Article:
Space may be the final frontier, but our ocean still remains largely to be explored. Although our understanding of this enormous body of water is greater now than it was, say, 100 years ago, the ocean is still an enigmatic and undiscovered piece of the planet. Feeding off of this sense of mystery is Vertigo’s ongoing horror mini-series, The Wake. Written and illustrated by duo Scott Snyder and Sean Murphy, The Wake will undoubtedly have readers questioning whether or not it really is safe to go back into the water.
Despite its opening set 200 years in the future, The Wake‘s first five issues take place in 2014, following marine biologist Lee Archer as she’s persuaded by the Department of Homeland Security to investigate an unknown animal call off the coast of Alaska. Accompanied by other scientists to an illegal underwater oil rig, Lee is shocked to discover a creature of myth deep beneath the ocean’s surface. What initially starts out as an extraordinary chance to study and research for Lee and crew quickly plunges into a race for survival.
Synder has already proven himself to be an excellent writer with American Vampire (Vertigo) and several Batman books, and The Wake is no exception to his mastery of the craft. Straying away from the internal character monologues from his other works, Snyder’s writing has shifted with a slightly greater emphasis on the third person. Apart from this small change in style however, The Wake still very much retains Snyder’s use of distinct characters, believable dialogue, and great cliffhangers.
As far as illustrations, Murphy brings his usual style of fine, sharp lines to the project, helping to construct his and Snyder’s believable yet dangerous world. In regards to color, the series’ palette is by no means limited, but the colors are somewhat undersaturated, especially in comparison to the visual standards that the medium is typically known for. Yet, this washed-out appearance both adds to the aquatic setting of the story as well as its dark, murky tone.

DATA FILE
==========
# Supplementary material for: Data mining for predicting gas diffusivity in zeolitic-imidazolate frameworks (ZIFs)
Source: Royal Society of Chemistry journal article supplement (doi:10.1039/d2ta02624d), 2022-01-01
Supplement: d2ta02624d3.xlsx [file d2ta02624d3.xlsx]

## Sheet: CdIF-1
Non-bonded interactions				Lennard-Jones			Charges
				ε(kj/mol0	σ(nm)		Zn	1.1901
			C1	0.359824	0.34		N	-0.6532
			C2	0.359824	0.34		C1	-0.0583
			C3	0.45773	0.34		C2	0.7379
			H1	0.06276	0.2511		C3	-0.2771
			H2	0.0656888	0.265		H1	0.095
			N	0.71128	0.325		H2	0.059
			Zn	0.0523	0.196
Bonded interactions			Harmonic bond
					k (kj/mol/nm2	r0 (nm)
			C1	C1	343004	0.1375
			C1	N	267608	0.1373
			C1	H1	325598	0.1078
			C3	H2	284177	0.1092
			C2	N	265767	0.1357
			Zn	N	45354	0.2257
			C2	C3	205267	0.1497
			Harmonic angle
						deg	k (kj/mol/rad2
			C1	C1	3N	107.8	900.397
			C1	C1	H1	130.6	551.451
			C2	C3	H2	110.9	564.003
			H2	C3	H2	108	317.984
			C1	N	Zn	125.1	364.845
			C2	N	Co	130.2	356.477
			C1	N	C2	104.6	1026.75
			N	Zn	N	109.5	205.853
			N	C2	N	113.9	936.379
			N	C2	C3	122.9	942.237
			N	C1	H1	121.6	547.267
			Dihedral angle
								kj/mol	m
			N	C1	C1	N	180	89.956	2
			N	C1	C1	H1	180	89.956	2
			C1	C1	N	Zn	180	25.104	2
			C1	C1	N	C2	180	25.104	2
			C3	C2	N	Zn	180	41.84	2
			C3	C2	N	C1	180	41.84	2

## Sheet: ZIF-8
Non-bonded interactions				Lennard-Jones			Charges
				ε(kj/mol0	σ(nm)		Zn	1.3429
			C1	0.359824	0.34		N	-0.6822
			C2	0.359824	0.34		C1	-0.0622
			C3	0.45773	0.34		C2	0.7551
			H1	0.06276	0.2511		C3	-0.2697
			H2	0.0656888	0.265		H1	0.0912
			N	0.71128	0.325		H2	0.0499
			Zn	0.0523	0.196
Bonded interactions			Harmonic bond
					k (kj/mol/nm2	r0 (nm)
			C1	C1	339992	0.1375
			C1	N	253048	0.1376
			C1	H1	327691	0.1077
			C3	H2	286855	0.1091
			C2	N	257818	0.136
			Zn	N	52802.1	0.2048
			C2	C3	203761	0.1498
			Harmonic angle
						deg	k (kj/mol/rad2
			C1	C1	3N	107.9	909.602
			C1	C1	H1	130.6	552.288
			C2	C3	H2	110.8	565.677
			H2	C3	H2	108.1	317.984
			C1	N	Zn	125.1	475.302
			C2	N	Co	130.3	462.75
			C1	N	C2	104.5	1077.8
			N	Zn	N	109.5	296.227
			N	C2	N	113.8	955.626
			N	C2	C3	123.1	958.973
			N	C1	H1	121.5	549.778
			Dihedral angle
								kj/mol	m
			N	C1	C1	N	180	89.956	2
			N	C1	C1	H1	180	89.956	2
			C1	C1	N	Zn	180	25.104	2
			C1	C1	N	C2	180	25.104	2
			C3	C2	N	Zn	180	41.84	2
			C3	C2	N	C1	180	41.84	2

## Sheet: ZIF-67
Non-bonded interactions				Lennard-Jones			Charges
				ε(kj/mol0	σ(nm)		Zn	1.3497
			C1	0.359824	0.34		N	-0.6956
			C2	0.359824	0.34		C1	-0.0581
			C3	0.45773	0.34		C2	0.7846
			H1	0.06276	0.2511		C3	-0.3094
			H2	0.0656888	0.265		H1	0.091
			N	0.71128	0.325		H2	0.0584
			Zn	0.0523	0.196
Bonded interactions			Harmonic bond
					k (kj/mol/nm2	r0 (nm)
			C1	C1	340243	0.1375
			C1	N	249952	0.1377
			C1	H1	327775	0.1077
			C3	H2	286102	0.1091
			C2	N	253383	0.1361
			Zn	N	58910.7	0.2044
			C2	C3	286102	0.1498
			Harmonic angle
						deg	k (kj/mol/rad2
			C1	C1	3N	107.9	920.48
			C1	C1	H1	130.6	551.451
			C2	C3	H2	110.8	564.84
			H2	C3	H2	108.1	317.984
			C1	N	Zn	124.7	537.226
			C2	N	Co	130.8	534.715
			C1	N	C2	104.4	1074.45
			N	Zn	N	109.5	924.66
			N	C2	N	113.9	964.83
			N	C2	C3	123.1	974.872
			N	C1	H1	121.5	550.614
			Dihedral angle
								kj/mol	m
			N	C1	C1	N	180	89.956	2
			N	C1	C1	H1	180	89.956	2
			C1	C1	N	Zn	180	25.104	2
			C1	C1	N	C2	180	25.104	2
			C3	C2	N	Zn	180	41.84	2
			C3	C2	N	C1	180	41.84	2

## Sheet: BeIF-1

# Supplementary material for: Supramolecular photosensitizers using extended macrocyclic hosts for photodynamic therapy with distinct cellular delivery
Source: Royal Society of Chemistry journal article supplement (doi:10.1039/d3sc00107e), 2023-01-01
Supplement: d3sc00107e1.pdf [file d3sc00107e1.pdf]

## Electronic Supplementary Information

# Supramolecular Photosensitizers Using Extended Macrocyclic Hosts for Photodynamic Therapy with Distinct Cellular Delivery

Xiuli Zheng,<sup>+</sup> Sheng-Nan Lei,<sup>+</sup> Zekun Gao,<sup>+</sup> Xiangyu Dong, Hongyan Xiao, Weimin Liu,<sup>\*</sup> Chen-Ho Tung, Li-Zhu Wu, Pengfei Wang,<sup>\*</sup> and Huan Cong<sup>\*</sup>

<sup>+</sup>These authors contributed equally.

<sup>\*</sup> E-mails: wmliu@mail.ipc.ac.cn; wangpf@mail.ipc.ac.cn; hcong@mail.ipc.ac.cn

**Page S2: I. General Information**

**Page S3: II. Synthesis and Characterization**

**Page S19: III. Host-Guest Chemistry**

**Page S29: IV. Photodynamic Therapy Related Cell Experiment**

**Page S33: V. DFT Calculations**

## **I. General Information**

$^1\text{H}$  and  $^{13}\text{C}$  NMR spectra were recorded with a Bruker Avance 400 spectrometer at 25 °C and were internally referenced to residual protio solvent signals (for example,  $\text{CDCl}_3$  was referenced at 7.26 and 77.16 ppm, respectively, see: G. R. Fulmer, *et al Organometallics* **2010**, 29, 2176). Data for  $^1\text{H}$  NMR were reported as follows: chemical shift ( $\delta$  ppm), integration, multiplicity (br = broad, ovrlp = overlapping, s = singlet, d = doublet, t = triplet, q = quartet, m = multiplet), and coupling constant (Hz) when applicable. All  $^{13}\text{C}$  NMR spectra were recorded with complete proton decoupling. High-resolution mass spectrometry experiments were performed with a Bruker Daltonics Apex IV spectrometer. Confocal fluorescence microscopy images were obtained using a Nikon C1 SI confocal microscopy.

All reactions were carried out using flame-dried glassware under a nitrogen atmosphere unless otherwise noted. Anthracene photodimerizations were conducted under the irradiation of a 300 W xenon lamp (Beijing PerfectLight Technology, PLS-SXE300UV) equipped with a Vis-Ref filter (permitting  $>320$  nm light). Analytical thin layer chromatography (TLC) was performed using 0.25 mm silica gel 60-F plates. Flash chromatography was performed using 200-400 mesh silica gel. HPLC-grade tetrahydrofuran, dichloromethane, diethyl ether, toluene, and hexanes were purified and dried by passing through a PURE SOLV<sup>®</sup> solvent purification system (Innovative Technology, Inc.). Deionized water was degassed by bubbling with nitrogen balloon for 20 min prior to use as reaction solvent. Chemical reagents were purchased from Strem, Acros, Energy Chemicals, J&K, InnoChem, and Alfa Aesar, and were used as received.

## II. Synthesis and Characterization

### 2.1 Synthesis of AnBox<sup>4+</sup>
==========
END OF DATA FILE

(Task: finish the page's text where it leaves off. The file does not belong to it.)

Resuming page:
Like most comics, the first five issues of The Wake make for a quick read. This brevity isn’t so much a result of the medium’s show-versus-tell format as it is from the excellent pacing laid out by Snyder. The words “fast paced” do well to describe the flow of the series so far, but Snyder manages to keep The Wake full of slower, more thoughtfully creepy moments. For instance, each issue opens with vague yet effectively haunting flashbacks from Earth’s past. These scenes include an asteroid of sorts striking into the planet’s side 3.8 billion years ago, as well as a massive shark poised to attack a seemingly deserted mammoth corpse. Likewise, the inclusion of the real world mystery of “The Loneliest Whale,” and lore surrounding catastrophic floods of various civilizations help to counterbalance the story’s more intense sequences.
For all the praise that can be given to The Wake via a review, no justice can truly be done to explain exactly how thrilling Snyder and Murphy’s latest collaboration is without ruining it. The only real way to fully enjoy The Wake is to experience it for one’s self. Whether through physical or digital copies, The Wake is a must-read worthy for any fan of horror fiction.